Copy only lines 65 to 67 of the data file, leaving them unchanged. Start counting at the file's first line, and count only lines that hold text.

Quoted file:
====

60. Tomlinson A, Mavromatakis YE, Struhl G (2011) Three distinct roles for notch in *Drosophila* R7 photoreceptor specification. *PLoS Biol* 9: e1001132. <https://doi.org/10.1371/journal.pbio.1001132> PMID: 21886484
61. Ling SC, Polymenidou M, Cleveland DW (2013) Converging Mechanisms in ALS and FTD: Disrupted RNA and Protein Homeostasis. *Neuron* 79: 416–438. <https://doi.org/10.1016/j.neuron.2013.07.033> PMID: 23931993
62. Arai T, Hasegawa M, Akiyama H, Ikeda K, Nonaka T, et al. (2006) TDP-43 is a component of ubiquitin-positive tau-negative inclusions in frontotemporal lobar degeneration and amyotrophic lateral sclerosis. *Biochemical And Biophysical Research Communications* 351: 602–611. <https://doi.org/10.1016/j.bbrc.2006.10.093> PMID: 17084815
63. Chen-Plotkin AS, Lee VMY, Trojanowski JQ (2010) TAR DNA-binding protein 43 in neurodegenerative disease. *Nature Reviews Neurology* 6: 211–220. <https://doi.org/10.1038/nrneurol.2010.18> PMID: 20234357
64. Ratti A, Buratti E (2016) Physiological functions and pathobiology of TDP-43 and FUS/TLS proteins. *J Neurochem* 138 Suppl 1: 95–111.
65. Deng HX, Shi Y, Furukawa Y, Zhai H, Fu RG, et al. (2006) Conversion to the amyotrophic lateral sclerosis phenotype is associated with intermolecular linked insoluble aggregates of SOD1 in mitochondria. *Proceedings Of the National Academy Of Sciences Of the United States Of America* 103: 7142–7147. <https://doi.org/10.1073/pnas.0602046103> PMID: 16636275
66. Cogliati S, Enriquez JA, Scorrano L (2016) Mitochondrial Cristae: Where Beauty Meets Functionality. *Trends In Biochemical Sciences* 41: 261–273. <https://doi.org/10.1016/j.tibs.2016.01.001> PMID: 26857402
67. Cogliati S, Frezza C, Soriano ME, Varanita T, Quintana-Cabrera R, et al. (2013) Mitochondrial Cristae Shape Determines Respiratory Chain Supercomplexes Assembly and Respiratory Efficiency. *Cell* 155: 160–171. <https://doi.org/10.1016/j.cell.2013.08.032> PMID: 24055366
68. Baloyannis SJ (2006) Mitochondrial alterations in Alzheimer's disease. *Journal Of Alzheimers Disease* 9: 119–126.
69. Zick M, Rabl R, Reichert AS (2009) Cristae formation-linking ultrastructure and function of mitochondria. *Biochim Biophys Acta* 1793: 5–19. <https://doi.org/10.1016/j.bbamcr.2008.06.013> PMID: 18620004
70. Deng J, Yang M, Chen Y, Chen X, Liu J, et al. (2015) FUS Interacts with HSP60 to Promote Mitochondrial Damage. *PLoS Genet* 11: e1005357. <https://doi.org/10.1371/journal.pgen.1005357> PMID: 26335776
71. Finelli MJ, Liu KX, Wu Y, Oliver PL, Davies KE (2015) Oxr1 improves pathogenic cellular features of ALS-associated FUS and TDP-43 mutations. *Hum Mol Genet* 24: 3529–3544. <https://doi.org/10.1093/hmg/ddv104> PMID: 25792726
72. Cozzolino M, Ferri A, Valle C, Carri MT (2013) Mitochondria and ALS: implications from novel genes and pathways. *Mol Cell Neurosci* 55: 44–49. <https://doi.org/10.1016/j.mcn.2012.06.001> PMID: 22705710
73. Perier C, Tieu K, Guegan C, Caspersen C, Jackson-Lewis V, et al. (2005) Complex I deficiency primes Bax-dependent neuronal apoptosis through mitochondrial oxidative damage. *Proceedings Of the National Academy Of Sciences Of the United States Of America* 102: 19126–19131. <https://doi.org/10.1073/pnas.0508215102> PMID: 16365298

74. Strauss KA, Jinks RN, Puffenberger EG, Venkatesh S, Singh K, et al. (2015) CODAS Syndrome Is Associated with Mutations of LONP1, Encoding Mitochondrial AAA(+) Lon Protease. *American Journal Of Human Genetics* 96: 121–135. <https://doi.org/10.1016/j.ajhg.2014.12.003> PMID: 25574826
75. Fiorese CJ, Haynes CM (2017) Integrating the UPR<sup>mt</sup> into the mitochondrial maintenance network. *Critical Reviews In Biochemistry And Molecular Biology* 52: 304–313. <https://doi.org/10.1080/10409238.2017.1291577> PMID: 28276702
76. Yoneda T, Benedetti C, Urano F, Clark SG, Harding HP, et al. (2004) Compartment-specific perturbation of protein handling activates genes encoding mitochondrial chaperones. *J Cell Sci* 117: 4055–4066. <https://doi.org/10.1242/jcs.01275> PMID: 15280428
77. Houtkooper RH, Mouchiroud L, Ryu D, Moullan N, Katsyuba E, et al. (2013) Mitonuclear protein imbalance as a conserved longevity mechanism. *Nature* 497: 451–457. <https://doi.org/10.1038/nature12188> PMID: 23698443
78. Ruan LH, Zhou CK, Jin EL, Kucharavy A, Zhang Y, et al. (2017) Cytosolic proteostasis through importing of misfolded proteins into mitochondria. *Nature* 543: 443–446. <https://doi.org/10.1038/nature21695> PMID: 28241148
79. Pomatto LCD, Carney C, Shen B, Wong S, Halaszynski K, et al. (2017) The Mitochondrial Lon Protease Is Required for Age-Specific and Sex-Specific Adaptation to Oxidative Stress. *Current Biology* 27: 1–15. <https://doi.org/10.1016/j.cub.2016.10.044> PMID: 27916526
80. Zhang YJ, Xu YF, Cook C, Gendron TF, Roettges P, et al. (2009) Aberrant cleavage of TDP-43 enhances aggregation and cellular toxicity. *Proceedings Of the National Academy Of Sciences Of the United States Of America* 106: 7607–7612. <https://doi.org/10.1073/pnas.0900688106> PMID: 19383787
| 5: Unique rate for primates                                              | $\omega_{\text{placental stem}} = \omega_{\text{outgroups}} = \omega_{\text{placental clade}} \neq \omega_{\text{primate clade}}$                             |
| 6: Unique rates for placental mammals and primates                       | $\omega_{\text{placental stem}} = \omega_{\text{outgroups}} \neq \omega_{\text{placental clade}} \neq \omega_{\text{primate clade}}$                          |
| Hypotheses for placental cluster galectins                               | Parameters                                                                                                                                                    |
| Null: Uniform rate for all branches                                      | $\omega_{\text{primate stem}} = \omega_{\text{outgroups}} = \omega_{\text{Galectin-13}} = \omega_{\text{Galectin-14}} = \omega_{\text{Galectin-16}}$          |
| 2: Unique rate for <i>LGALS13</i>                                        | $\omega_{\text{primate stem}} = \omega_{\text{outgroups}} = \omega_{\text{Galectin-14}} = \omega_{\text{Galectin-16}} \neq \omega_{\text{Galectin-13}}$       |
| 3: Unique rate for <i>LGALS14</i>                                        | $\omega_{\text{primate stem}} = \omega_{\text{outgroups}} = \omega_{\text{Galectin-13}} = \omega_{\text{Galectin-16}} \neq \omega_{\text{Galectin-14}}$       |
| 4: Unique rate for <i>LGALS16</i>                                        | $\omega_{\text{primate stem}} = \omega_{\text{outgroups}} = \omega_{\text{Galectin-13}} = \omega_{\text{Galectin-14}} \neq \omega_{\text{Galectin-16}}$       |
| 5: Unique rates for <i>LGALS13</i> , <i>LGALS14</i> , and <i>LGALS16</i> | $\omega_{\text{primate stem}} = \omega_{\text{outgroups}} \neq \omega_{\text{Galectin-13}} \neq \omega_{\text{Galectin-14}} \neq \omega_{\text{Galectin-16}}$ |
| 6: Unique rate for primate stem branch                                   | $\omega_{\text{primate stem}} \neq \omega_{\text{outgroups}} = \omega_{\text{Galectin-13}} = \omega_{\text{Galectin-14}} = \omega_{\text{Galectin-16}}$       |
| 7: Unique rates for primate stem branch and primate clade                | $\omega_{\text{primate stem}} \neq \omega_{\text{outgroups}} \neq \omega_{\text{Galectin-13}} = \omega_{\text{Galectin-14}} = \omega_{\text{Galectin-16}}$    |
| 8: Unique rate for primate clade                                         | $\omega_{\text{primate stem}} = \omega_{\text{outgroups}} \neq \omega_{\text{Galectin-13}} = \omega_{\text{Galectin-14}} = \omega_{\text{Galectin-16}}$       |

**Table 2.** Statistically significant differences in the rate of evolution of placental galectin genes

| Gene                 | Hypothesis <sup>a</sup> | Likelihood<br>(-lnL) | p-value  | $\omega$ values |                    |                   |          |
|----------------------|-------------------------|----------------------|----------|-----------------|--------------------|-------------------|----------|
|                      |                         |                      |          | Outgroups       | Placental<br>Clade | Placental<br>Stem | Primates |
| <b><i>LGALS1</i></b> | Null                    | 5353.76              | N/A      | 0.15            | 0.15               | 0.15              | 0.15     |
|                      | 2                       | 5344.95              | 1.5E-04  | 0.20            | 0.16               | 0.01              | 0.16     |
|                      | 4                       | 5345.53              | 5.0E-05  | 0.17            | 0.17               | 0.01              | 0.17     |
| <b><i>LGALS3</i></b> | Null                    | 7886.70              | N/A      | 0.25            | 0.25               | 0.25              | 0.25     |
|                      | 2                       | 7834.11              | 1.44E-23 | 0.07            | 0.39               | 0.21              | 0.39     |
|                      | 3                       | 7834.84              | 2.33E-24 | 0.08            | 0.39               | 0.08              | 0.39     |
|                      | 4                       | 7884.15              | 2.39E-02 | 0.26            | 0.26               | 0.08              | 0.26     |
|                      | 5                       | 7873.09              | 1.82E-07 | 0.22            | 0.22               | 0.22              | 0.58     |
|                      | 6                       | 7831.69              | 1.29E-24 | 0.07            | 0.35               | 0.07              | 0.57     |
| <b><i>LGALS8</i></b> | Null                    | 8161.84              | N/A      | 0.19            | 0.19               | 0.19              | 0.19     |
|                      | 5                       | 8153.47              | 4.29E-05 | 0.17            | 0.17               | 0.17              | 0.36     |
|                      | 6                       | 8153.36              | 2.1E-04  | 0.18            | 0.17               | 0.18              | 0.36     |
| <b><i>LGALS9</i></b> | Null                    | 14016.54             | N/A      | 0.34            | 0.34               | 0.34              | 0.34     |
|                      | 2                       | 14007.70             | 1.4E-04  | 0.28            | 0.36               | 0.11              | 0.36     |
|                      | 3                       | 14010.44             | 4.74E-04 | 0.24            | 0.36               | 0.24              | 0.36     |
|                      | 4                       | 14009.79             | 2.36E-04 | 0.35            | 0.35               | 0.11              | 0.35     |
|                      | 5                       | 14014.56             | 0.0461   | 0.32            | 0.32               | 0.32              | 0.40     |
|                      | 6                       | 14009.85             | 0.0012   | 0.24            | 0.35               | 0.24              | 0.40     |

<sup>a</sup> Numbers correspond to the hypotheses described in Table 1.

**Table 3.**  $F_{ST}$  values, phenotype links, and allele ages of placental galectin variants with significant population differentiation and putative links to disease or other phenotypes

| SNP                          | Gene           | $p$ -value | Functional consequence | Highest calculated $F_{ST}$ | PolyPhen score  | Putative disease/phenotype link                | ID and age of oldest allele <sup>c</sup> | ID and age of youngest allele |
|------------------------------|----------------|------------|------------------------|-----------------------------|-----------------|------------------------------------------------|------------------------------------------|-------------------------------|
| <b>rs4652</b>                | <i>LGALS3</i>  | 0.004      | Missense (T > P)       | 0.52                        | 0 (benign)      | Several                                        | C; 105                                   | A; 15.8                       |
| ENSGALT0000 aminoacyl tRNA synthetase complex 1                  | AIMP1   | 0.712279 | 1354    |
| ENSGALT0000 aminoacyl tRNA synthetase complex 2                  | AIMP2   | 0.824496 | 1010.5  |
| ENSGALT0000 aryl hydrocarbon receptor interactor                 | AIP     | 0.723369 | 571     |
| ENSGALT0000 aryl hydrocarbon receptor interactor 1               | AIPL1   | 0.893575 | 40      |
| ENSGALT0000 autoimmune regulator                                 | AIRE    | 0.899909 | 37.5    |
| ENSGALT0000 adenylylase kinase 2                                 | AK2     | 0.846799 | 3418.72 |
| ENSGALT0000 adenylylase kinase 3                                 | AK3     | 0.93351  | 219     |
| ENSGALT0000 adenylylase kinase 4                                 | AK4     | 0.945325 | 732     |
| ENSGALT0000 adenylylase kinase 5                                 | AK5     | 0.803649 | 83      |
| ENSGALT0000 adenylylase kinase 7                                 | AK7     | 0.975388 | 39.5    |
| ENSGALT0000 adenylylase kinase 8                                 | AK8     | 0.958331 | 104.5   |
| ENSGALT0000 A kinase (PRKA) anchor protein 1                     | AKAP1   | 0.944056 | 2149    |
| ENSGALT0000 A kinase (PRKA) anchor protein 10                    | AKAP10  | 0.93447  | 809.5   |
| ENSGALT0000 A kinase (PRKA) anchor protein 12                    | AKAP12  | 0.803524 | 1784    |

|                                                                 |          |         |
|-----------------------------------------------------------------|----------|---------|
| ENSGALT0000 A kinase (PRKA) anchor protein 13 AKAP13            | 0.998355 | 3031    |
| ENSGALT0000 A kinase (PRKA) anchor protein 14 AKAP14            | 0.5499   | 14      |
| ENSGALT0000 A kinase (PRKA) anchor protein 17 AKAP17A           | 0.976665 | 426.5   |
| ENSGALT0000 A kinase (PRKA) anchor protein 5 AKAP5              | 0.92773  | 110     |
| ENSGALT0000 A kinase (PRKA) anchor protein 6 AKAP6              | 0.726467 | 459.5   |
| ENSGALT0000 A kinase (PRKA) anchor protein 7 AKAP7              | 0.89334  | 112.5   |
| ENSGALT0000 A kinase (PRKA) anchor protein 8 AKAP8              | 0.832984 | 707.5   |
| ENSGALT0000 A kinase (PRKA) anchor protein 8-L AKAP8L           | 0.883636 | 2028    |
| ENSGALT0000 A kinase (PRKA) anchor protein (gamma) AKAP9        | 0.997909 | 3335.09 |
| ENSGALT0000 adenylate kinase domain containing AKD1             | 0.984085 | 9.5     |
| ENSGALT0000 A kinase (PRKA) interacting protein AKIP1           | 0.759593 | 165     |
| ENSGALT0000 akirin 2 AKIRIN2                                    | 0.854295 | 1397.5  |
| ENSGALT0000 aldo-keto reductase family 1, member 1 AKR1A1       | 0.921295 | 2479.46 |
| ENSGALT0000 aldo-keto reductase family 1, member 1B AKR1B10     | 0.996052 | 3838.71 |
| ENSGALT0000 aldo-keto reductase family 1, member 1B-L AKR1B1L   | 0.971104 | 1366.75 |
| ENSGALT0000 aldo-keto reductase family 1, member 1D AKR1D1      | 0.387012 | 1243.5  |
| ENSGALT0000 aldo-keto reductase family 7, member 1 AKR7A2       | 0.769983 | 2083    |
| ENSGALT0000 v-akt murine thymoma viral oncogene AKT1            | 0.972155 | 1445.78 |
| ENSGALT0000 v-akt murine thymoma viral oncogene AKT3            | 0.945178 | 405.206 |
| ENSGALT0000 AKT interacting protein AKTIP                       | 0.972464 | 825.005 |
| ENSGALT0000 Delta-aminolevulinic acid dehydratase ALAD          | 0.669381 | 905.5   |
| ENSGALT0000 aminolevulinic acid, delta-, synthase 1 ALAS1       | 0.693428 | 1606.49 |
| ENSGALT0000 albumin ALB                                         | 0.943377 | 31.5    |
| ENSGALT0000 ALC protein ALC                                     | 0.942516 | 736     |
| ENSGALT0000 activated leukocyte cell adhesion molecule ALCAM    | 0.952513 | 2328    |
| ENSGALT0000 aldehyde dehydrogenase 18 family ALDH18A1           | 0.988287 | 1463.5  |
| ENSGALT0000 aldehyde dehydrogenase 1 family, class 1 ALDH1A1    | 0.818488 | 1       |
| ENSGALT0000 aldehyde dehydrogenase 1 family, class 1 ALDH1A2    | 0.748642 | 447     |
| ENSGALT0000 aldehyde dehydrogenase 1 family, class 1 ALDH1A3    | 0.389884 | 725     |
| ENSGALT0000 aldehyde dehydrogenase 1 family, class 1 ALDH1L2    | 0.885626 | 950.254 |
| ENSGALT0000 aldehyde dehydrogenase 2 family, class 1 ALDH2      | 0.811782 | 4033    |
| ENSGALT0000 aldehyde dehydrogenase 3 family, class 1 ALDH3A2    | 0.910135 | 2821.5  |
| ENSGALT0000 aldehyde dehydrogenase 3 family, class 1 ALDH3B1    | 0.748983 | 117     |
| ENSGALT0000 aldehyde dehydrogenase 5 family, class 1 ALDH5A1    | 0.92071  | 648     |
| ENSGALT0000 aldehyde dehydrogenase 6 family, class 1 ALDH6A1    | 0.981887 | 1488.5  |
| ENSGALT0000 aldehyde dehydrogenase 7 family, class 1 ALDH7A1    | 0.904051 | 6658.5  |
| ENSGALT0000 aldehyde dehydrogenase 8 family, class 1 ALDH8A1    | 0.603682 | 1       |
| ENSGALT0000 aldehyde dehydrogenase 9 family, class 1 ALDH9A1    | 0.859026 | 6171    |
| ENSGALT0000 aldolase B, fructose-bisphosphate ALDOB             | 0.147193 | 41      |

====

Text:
| ENSGALT0000 adenylylase kinase 2                                 | AK2     | 0.846799 | 3418.72 |
| ENSGALT0000 adenylylase kinase 3                                 | AK3     | 0.93351  | 219     |
| ENSGALT0000 adenylylase kinase 4                                 | AK4     | 0.945325 | 732     |